Log in
Free: The Observer Mobile App - Exclusive Content and Services

The politics of madness

“Men are so necessarily mad, that not to be mad would amount to another form of madness.”

This is the opening line of the preface to Michel Foucault’s classic study, Madness and Civilization: A History of Insanity in the Age of Reason. Foucault, a French intellectual historian, was easily the most important revolutionary thinker of the last century.

In this seminar study of the ‘birth’ of madness in the modern era, Foucault skillfully unearthed the ways in which madness and unreason were historically produced at the dawn of the modern era in Europe.

The labeling of some individuals in society as mad can be traced to a very recent period in human history. Somewhere between the thirteenth and sixteenth centuries, leprosy mysteriously started disappearing from England and France, and Europe generally. Ergo, the segregation and stigma bestowed on leprosy, was quickly transferred to madness and insanity. The age-old fate of lepers found a new category: madness.

The modern era is supposedly an age of reason and progress, and madness is constructed as the antidote of this distinct attribute of the human being. But in a series of path-breaking studies, Foucault was able to demonstrate that the age of reason is in fact an era underpinned by a set of institutions that produce a specific type of human being.

This human being is programmed to behave in a certain way such that to behave otherwise is construed as abnormal, as mad. Among the key institutions of the modern age that construct our thinking and program our minds include schools, prisons, hospitals, and mental clinics.

These are institutions that discipline and punish the modern human body. It is through these institutions that human beings are created, but it is also through them that the knowledge that structures our lives is produced.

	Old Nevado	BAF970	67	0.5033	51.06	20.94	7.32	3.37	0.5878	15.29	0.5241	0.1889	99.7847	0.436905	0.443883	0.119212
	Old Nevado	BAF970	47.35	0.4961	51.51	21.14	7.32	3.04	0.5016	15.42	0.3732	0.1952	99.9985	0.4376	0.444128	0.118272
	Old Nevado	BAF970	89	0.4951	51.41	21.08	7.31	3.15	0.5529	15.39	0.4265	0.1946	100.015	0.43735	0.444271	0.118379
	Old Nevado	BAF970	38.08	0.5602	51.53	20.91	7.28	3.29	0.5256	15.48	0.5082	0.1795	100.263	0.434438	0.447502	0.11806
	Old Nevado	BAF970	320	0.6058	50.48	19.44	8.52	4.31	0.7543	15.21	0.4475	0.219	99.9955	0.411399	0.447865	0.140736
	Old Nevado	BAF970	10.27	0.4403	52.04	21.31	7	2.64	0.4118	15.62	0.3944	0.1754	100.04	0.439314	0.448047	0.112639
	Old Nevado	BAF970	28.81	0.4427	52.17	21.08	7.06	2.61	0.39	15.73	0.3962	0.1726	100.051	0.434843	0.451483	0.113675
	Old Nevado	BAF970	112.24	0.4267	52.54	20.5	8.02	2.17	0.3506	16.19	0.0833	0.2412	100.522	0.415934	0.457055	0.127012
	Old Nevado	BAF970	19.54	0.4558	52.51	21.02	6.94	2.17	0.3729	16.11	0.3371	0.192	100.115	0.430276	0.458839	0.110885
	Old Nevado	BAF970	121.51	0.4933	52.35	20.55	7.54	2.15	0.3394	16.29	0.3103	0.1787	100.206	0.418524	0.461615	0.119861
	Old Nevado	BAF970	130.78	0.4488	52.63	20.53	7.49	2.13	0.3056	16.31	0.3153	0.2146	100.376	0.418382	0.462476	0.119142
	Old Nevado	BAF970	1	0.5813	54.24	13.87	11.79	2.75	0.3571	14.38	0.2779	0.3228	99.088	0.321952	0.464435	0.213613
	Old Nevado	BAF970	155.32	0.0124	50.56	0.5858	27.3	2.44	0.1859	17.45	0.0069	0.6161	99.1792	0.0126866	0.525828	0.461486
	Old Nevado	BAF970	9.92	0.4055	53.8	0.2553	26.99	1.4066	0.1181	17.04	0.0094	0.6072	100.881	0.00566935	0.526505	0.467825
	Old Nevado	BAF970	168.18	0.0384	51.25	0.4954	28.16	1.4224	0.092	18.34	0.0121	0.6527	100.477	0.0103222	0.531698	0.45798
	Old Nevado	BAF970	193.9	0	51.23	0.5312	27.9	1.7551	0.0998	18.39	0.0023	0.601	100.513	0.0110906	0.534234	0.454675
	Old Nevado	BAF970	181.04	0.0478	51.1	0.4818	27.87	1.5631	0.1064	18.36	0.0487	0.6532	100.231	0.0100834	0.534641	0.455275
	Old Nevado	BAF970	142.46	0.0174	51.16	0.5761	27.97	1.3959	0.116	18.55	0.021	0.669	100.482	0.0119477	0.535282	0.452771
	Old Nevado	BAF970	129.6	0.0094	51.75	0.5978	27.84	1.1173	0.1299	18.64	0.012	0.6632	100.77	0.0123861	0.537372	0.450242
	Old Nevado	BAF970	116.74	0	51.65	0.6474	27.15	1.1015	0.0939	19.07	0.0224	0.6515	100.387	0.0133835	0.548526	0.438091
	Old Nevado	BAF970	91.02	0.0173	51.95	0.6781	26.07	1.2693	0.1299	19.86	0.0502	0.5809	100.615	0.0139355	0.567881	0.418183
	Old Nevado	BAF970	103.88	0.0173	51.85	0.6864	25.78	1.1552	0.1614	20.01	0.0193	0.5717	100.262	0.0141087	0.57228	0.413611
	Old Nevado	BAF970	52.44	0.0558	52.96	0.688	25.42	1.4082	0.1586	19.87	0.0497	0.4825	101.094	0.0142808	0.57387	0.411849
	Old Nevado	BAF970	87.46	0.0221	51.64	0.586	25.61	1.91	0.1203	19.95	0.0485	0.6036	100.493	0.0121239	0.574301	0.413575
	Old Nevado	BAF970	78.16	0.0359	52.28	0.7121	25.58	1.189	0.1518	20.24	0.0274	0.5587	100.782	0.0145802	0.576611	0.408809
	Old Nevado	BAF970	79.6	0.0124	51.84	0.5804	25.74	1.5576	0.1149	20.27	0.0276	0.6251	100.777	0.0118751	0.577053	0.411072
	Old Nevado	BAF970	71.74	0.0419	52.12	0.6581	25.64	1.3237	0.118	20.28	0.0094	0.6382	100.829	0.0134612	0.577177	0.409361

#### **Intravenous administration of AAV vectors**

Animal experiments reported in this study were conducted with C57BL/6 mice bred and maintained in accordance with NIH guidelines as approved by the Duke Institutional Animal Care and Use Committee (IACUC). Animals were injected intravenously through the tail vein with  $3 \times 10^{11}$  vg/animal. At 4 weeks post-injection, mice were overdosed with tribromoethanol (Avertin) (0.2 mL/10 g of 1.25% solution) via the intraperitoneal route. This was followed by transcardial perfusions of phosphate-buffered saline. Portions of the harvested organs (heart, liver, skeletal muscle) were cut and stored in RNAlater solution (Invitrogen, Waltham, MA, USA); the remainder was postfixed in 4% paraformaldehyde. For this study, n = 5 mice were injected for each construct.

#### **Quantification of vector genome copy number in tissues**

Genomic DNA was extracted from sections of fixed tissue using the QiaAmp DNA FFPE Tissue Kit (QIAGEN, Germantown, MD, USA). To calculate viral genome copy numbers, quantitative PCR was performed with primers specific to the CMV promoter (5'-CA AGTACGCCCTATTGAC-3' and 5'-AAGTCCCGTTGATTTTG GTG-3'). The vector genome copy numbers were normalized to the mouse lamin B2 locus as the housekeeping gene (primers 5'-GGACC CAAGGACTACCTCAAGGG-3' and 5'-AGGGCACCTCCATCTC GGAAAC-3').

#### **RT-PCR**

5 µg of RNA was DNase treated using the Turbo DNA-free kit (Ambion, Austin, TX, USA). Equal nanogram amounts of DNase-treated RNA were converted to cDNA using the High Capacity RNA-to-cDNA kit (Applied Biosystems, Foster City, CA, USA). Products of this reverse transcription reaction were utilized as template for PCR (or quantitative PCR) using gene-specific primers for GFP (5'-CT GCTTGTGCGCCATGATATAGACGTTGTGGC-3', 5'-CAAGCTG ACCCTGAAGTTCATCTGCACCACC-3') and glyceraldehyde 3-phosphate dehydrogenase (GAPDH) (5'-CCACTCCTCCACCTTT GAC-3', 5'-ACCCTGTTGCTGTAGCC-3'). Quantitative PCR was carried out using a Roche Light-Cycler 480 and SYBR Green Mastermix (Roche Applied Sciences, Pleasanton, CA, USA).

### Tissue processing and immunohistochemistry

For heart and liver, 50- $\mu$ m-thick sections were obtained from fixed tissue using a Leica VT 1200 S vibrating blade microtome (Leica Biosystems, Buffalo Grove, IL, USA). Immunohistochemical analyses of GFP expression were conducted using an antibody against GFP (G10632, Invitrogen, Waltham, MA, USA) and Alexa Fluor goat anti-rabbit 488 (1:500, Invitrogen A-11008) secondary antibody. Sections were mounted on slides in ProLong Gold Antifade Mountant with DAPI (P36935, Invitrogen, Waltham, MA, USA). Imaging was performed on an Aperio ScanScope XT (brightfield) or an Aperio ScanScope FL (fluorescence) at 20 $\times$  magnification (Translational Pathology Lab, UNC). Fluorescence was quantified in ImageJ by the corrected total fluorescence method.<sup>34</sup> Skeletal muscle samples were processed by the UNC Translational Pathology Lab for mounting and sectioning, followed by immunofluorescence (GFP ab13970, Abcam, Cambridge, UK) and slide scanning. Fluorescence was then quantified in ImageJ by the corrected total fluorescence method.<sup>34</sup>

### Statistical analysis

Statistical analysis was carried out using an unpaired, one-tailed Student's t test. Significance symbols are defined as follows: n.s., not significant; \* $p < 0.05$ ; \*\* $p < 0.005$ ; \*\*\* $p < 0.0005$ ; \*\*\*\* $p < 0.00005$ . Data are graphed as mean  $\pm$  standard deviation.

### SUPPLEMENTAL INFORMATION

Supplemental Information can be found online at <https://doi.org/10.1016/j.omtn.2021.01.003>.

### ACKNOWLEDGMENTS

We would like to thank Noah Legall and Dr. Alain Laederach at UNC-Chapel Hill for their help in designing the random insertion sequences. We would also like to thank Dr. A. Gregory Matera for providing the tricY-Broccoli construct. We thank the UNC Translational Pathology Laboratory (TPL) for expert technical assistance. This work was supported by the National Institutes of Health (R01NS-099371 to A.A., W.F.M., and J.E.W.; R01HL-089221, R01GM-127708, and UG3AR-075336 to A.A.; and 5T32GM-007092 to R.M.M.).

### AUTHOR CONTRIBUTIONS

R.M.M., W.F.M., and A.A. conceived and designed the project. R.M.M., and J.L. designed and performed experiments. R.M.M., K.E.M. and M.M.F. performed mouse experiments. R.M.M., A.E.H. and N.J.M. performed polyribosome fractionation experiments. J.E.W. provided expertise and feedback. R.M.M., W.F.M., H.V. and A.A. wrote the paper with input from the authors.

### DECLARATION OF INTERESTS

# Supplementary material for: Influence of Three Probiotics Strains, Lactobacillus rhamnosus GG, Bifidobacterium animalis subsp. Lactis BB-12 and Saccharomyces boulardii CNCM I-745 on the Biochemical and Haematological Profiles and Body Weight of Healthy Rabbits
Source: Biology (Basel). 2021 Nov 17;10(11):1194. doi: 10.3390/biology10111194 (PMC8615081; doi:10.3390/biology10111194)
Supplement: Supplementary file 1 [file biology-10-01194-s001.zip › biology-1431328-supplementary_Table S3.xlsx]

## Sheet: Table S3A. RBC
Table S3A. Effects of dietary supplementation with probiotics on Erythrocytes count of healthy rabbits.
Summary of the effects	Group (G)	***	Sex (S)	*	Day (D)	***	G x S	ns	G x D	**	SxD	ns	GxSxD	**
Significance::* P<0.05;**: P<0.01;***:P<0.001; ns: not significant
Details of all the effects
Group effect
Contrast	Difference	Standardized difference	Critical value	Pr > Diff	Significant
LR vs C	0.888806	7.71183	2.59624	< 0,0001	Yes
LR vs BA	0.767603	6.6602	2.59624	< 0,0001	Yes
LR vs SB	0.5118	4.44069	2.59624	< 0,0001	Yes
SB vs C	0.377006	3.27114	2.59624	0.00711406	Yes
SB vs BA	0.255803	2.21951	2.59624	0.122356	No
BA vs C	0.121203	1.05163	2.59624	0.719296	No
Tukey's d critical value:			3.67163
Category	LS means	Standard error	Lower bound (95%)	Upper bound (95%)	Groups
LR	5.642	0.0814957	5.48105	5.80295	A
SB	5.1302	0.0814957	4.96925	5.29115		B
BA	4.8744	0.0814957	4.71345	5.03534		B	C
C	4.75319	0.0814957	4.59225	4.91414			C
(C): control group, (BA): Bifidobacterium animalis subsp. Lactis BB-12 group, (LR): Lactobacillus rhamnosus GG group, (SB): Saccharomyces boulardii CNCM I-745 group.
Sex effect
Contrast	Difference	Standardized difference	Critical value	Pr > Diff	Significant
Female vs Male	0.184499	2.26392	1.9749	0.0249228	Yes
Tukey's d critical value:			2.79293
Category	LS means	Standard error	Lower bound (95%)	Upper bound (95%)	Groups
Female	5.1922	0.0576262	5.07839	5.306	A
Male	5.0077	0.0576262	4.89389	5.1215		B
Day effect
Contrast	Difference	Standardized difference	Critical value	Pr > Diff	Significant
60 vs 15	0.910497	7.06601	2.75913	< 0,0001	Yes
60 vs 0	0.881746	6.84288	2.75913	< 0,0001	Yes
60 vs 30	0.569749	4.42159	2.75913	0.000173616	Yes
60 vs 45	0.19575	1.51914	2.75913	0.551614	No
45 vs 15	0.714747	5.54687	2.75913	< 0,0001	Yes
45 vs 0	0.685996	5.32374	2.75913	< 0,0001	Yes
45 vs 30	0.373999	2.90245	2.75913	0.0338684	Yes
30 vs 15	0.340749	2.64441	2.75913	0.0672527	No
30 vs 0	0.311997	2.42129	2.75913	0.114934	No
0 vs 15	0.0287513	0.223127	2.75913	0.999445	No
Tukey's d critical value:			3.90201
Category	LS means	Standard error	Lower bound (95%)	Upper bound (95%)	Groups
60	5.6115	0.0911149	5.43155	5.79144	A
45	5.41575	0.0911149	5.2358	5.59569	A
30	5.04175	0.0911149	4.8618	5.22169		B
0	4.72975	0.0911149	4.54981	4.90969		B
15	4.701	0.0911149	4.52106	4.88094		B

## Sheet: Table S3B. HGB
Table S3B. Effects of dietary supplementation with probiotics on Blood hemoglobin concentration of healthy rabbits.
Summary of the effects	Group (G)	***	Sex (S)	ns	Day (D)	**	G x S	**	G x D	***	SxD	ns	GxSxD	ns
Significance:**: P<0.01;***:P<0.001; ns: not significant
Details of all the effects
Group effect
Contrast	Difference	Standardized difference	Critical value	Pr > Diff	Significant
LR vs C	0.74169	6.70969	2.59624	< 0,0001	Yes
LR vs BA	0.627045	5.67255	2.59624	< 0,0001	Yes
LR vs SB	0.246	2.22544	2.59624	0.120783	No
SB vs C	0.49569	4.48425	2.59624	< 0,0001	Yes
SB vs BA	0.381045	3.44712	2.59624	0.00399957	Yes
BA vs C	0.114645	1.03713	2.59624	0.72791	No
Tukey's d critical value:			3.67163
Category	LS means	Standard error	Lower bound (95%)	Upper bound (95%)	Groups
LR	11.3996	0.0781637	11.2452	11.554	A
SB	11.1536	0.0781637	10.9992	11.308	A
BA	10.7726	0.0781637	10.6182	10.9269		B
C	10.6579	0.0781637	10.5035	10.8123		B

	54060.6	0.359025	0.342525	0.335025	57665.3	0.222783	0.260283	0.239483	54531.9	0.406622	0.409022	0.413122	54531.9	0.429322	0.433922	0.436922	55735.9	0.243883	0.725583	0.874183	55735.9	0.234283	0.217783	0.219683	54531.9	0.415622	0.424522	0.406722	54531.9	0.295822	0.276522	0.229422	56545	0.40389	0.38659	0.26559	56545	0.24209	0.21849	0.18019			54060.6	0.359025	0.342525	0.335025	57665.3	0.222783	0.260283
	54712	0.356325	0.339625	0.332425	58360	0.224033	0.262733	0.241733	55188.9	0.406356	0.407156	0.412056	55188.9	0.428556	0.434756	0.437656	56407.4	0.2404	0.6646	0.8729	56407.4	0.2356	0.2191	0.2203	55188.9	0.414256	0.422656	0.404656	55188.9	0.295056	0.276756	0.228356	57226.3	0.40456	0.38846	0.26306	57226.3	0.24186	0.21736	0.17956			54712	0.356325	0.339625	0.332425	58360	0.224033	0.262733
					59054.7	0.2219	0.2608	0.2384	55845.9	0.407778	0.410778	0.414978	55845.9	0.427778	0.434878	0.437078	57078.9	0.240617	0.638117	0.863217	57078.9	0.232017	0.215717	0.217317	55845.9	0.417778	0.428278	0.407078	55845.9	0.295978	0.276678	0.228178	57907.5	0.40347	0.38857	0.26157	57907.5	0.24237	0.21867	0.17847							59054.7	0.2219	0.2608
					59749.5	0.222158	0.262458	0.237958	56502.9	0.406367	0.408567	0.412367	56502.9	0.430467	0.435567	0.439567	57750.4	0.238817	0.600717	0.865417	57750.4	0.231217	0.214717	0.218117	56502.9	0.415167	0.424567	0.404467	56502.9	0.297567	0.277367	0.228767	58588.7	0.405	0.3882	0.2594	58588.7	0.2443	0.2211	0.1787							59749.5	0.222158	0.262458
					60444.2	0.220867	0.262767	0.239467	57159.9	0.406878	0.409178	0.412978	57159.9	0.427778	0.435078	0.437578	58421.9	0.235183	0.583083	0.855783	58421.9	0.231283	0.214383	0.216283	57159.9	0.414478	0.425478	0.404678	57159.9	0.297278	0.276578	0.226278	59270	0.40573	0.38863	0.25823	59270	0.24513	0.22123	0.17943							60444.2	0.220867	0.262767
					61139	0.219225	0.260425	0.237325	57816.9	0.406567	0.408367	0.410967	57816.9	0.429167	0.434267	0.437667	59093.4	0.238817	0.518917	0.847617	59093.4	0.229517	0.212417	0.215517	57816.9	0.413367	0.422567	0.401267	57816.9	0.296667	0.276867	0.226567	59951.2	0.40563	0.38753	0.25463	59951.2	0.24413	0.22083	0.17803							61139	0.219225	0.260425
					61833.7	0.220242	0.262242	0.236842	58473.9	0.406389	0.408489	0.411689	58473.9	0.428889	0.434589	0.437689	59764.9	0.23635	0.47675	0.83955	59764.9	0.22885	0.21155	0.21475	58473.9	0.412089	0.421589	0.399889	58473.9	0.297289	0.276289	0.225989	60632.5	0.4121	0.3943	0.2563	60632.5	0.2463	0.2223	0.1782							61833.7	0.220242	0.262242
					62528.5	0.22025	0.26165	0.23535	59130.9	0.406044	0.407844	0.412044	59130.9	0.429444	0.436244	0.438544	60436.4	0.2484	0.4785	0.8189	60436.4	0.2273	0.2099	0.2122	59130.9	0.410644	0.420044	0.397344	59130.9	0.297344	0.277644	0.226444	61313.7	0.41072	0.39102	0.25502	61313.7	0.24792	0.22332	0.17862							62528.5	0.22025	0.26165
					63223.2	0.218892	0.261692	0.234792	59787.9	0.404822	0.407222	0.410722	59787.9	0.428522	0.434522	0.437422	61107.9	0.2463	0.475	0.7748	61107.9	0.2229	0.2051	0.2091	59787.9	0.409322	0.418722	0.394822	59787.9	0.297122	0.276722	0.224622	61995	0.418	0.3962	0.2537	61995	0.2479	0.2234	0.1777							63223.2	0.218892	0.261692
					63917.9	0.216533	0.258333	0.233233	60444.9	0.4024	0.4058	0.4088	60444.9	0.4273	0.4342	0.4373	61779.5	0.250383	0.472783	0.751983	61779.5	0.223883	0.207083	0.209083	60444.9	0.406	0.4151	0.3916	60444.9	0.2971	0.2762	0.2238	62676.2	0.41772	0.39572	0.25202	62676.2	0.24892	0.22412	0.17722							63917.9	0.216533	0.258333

Foucault made a very powerful observation in that respect, noting that there is a deep affinity between the exercise of power and the production of knowledge. It is not that knowledge is power, as we are made to believe, according to a widely repeated refrain; rather, it is that power is knowledge.

Whoever has power frames what passes as true, produces the ideas we imbibe, and disseminates the knowledge we consume. The exercise of power also determines what becomes socially acceptable behavior and normal conduct.

These excurses through Michel Foucault can help us make sense of the controversy regarding Makerere University scholar, Stella Nyanzi. One would have well predicted that her intrepid stance against the authoritarian regime of General Museveni would quickly earn her the label of a mad woman.

It is also the case that in a country of gross pretense and moral paternalism, Nyanzi had to be seen as crazy on account of her creative deployment of vulgar language.

Many of us, Ugandans, are utterly unaware of the genre of subversive scholarship, used widely, that employs vulgar imagery and obscene narratives to challenge oppressive politics and strip the garb of the powerful. So, we have been quick to rail against what we consider abnormal and unconventional.